What is the Lottery?


The lottery is an activity in which participants have the opportunity to win a prize based on a random drawing of numbers. It is a form of gambling that has been regulated in most states by laws and in many countries by national or regional governments. Typically, a lottery is run by an independent organization that is authorized to sell tickets and accept wagers. Prizes may be awarded in cash, goods, or services. The lottery is often promoted as a means of raising funds for public purposes without the direct imposition of taxes on the general population.

Lottery revenues usually expand dramatically after a lottery’s introduction, then level off and sometimes decline. The need to maintain or increase these revenues leads to a continuous cycle of the introduction of new games. Most of these are instant games, such as scratch-off tickets, which have lower prize amounts and comparatively high odds of winning.

State Lottery Policy

The evolution of state lotteries is a classic example of public policy being made piecemeal and incrementally, with little or no overall overview. In addition, authority is divided between the legislative and executive branches, and lottery officials are subject to continual pressures from both sides. As a result, the interests of the general public are seldom taken into consideration.

Despite the popularity of lotteries, they are not without their critics. Those who oppose them argue that they undermine social stability by encouraging gambling addiction and dependence, and that they lead to increased crime, corruption, and wasteful spending. In addition, they claim that they contribute to the perception of government as “out of touch” with its citizens.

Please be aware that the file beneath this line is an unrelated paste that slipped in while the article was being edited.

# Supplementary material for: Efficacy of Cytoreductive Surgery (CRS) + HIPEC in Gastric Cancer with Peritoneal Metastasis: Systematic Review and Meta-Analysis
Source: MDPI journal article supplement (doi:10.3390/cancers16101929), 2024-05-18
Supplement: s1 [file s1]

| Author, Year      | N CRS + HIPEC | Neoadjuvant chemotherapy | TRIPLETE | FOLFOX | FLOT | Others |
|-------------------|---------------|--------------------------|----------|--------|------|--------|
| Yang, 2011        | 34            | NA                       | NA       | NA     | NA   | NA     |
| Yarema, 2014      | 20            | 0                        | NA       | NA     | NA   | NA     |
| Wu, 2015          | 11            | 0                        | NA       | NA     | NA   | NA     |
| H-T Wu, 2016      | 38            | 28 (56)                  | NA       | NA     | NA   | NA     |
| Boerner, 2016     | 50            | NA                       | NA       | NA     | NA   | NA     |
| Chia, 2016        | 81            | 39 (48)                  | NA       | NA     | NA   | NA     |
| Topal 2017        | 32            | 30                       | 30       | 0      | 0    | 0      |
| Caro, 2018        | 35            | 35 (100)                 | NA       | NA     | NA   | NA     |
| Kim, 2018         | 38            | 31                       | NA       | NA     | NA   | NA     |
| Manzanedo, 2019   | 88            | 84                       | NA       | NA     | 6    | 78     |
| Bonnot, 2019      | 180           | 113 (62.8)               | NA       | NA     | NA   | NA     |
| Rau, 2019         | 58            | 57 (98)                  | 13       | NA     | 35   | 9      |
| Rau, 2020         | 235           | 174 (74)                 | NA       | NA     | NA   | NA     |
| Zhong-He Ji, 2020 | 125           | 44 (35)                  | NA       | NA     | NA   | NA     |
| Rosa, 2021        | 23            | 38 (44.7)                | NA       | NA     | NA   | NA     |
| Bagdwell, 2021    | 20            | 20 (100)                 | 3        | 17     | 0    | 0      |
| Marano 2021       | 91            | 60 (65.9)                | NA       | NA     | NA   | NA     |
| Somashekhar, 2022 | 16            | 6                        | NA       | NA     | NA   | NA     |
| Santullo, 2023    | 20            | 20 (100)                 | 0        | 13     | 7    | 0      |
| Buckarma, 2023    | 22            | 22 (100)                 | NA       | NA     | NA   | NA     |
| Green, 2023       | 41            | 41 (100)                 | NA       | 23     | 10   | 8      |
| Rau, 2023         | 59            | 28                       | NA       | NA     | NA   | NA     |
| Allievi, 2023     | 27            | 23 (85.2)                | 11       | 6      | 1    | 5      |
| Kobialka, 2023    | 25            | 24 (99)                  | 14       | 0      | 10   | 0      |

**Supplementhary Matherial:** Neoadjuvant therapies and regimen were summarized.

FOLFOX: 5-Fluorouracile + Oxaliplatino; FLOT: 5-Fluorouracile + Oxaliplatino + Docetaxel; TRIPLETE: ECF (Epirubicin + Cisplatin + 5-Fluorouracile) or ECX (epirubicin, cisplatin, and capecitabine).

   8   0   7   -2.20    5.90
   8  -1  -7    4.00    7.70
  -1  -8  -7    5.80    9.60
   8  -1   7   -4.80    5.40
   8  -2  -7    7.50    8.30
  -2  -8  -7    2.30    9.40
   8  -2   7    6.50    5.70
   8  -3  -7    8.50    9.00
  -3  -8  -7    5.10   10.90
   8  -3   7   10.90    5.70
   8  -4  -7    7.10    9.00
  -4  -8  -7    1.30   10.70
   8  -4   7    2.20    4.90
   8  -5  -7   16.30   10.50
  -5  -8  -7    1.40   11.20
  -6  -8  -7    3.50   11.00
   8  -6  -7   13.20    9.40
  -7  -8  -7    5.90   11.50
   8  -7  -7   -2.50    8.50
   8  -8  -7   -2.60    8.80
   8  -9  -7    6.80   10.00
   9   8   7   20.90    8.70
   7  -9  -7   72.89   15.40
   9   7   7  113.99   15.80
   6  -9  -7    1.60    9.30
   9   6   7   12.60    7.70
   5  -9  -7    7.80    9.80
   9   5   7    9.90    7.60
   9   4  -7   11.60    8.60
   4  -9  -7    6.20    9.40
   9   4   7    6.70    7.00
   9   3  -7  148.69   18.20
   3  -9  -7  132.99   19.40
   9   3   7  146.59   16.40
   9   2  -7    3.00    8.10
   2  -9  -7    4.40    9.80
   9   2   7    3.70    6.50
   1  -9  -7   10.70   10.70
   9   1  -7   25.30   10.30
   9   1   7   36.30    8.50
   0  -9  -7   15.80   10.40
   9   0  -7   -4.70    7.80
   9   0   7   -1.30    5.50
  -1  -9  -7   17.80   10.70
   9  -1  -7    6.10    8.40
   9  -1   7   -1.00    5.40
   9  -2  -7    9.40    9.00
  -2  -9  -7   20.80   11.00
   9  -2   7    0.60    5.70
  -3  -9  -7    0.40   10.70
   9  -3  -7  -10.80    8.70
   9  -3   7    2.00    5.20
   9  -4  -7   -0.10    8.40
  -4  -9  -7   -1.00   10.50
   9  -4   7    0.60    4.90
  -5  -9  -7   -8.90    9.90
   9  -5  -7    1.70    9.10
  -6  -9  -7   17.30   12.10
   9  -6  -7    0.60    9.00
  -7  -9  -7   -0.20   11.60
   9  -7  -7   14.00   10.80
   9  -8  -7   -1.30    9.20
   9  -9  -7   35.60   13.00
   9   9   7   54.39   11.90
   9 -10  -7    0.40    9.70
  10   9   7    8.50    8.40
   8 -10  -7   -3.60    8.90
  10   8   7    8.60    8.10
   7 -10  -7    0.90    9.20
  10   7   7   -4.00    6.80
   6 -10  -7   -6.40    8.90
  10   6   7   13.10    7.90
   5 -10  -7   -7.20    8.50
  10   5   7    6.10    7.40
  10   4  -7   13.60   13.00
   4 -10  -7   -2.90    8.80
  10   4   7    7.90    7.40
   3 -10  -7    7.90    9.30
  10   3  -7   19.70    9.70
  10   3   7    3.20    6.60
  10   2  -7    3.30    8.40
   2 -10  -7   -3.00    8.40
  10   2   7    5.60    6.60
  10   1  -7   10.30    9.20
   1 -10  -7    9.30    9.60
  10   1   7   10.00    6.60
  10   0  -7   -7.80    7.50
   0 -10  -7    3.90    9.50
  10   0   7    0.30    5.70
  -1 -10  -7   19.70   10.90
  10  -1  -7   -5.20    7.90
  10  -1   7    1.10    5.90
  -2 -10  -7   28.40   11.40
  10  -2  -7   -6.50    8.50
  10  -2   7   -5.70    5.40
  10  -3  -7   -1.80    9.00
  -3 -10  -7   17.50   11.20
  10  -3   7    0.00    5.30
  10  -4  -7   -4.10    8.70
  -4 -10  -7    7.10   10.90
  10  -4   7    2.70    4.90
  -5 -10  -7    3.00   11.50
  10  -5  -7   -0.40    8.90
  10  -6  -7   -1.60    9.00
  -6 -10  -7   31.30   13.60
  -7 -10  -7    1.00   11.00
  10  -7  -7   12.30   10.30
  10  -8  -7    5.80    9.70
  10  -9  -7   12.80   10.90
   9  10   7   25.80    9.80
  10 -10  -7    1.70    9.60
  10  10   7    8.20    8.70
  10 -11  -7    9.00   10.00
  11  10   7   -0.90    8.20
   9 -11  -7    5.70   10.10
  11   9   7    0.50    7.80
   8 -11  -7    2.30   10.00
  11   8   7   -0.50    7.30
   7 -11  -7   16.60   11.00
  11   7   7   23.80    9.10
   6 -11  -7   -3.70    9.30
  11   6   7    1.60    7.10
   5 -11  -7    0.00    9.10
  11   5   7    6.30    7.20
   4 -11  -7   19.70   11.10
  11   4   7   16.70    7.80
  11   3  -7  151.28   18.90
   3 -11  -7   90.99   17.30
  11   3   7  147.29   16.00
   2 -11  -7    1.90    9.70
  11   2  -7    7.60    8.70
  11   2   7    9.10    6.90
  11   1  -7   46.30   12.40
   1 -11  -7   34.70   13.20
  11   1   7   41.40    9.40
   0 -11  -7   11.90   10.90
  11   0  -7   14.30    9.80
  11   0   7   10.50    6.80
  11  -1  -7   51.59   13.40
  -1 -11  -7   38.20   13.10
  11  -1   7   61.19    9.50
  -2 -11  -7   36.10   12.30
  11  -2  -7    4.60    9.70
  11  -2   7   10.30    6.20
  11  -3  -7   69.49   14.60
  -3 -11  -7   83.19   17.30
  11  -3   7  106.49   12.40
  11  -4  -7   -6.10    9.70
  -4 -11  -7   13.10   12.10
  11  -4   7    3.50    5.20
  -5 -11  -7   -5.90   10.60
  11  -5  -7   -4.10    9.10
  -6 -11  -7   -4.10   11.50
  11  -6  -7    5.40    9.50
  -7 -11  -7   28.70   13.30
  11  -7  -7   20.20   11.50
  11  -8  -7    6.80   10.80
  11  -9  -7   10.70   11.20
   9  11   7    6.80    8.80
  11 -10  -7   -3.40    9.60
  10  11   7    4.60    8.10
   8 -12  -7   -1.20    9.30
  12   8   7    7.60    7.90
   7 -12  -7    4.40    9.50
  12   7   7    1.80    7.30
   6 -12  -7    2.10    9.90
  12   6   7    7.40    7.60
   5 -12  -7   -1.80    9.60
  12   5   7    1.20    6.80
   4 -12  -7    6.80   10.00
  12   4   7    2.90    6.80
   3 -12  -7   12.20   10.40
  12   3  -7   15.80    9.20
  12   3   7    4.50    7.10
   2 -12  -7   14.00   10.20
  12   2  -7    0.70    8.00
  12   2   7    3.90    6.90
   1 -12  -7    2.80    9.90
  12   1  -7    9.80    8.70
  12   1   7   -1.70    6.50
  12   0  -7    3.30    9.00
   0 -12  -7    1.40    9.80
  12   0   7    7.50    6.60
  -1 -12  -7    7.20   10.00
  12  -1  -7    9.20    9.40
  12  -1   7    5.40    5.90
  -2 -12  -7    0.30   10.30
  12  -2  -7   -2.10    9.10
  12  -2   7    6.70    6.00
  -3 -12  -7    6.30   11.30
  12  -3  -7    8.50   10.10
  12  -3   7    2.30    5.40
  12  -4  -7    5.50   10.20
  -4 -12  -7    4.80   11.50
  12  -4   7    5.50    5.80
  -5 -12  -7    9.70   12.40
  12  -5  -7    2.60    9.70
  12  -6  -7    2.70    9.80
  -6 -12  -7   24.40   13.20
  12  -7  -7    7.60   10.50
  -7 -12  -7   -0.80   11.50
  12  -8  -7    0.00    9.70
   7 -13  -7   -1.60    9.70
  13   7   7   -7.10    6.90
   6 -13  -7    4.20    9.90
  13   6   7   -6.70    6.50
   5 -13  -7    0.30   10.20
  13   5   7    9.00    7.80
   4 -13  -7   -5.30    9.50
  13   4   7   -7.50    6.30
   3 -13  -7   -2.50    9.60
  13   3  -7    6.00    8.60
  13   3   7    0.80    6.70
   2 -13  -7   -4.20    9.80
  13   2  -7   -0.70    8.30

Proponents of lotteries counter that they promote a healthy sense of competition and a spirit of entrepreneurship, while providing a tax-free source of revenue for public works projects. They also stress the value of the entertainment and non-monetary benefits that players receive from their participation. If these are sufficiently high for a particular individual, the disutility of a monetary loss can be outweighed by the expected utility of the lottery purchase.

While some people play the lottery based on superstitions and other non-rational behavior, others have developed strategies that are rooted in mathematics. These include choosing a smaller number of numbers, playing more frequent draws, and pooling money with friends to buy more tickets. It is also helpful to understand how the odds work. For instance, you should avoid picking numbers that are close together and those that have sentimental value to you.

The likelihood of a winning combination is determined by the probability that each of the possible combinations will occur. This probability is a function of the total number of possible combinations, the frequency with which each occurs, and the probabilities of hitting each combination. For this reason, the best strategy is to choose numbers that are not close together and that have a high ratio of success to failure. A lottery calculator can help you determine this.